An Ontario judge has handed down costs awards in a series of class action suits, including two that involve financial firms.

The province’s Superior Court of Justice has released several decisions from Justice Edward Belobaba involving costs awards in class action suits. In those decisions, Belobbab notes that over the past several months, he’s made five decisions certifying proceedings as class actions that now require costs awards. “Normally, costs awards are routine and can be easily adjudicated,” he notes. However, this is not the case when it comes to certification motions.

“Here, excess appears to be the norm in every aspect of the proceeding – in the amount of time spent by legal counsel, the volume of material filed with the court, the number of days scheduled for the oral hearing and the over-litigation of most issues,” he says. “No wonder, then, that the costs that are typically sought by the successful party are in the hundreds of thousands of dollars. No wonder, also, that the number of class actions on an annual basis is declining. Access to justice, even in the very area that was specifically designed to achieve this goal, is becoming too expensive.”

The decisions note that the provincial law commission is undertaking a review of class action legislation, and suggests that hopefully it will decide to do away with awarding cost on certification motions.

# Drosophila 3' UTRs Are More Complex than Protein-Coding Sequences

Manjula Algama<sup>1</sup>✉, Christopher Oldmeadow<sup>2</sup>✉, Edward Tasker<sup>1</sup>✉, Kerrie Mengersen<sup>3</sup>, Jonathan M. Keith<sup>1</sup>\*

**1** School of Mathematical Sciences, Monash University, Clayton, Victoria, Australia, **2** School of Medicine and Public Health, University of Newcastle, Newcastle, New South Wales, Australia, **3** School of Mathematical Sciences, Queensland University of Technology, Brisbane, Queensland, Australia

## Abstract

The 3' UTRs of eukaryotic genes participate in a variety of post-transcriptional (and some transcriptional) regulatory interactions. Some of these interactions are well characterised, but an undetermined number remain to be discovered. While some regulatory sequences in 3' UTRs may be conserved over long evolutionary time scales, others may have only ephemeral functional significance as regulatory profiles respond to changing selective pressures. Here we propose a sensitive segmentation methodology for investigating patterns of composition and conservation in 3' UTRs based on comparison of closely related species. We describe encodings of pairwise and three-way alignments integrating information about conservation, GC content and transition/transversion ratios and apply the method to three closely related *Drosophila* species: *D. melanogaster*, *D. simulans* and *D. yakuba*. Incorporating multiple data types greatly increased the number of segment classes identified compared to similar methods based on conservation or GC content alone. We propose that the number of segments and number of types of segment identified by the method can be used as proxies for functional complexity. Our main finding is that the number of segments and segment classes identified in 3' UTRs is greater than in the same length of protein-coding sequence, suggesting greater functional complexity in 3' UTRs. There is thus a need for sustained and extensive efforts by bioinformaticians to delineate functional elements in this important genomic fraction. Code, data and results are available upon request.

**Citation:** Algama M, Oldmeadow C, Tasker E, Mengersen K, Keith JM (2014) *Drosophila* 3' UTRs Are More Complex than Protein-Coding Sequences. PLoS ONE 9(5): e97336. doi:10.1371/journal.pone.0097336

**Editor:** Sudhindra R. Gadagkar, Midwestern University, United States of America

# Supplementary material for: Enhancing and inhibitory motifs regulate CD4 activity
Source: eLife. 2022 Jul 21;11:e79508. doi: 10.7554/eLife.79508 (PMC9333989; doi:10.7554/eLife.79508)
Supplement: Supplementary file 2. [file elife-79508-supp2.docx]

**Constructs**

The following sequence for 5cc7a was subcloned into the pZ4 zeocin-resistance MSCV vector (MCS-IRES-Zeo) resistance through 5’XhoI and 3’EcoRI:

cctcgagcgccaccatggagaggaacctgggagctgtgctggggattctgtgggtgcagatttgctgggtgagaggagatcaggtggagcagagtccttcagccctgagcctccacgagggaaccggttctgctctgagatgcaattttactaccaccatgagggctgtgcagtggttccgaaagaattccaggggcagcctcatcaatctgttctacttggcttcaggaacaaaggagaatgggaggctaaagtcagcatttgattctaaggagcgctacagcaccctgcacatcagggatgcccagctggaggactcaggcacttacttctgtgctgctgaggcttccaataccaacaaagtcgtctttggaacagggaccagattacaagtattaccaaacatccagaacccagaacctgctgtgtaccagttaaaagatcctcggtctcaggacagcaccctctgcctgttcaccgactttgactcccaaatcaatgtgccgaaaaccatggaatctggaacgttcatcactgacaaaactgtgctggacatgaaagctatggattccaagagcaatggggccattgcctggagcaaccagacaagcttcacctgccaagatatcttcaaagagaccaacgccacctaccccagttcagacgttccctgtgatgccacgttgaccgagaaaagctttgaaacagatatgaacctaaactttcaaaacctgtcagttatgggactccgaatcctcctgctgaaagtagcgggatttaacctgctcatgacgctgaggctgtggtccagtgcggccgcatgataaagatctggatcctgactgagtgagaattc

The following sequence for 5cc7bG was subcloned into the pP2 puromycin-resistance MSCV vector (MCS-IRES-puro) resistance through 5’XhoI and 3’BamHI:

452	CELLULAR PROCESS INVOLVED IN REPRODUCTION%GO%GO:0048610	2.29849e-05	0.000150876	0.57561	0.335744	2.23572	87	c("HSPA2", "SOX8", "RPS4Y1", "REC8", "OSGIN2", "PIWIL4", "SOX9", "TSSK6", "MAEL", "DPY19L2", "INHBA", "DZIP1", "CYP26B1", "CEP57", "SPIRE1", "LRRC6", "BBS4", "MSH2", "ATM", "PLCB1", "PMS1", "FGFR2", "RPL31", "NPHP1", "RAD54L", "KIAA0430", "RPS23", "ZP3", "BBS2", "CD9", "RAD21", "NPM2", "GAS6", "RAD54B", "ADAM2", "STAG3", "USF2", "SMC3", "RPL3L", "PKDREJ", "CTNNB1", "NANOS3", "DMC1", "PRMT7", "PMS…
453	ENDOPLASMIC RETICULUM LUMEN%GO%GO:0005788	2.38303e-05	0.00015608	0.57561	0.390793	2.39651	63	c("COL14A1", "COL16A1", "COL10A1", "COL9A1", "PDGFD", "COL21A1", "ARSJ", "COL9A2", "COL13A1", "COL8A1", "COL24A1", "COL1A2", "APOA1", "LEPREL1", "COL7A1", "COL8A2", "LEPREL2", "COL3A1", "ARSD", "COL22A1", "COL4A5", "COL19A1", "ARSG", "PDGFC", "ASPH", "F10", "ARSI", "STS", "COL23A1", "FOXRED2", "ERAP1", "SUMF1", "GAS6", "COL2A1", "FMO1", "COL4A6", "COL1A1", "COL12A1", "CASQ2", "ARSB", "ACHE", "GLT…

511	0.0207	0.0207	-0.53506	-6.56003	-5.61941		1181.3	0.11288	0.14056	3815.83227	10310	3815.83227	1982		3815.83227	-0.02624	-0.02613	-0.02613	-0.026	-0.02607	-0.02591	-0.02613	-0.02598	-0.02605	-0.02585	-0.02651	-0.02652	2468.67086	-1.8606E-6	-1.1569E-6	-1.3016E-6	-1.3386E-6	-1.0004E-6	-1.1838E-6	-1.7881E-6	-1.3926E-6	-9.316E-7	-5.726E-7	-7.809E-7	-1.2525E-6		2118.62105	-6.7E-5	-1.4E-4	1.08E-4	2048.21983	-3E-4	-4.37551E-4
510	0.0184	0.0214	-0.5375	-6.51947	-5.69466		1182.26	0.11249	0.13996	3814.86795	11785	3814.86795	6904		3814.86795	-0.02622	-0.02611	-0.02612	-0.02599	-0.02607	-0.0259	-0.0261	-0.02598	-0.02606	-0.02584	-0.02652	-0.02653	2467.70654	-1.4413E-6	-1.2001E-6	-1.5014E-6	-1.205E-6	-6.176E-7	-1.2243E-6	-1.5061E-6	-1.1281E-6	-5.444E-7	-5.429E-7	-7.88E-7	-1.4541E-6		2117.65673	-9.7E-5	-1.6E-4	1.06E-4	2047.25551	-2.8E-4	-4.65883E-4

In the meantime, however, he is ordering costs in these recent cases — including an overtime suit brought on behalf of advisors against BMO Nesbitt Burns Inc. (Rosen v. BMO Nesbitt Burns Inc., 2013 ONSC 6356); and a suit against Manulife Financial Inc. claiming that the company, and several executives, misrepresented the adequacy of its risk management practices and failed to disclose the size of its exposure to equity market risk (Dugal v. Manulife Financial, 2013 ONSC 6354) — and spelling out his reasons for those awards. The cases themselves have not been heard, and the allegations have not been proven.

In the case against BMO, the decision notes that the plaintiff says this is the first misclassification action involving investment advisors that has been certified as a class proceeding. As a result, the certification motion was relatively complex, and the plaintiff sought $575,000 in costs. BMO argued that the costs award should not exceed $315,000.

Ultimately, Belobaba ruled that the costs should be set at $290,000 against BMO.

In the Manulife case, the decision states that the plaintiffs sought almost $1.2 million, comprised of $436,222 in legal fees and $746,135 in disbursements (mainly for expert reports). Manulife argued that the fees request should be cut in half to $218,111 and that the provision for disbursements should be reduced to $200,000 for a total of $418,111.

Belobaba set costs in the case at $467,234 all-inclusive – $225,000 in fees and $242,234 for disbursements, adding that a further $100,000 for disbursements will be payable to the plaintiffs in the cause.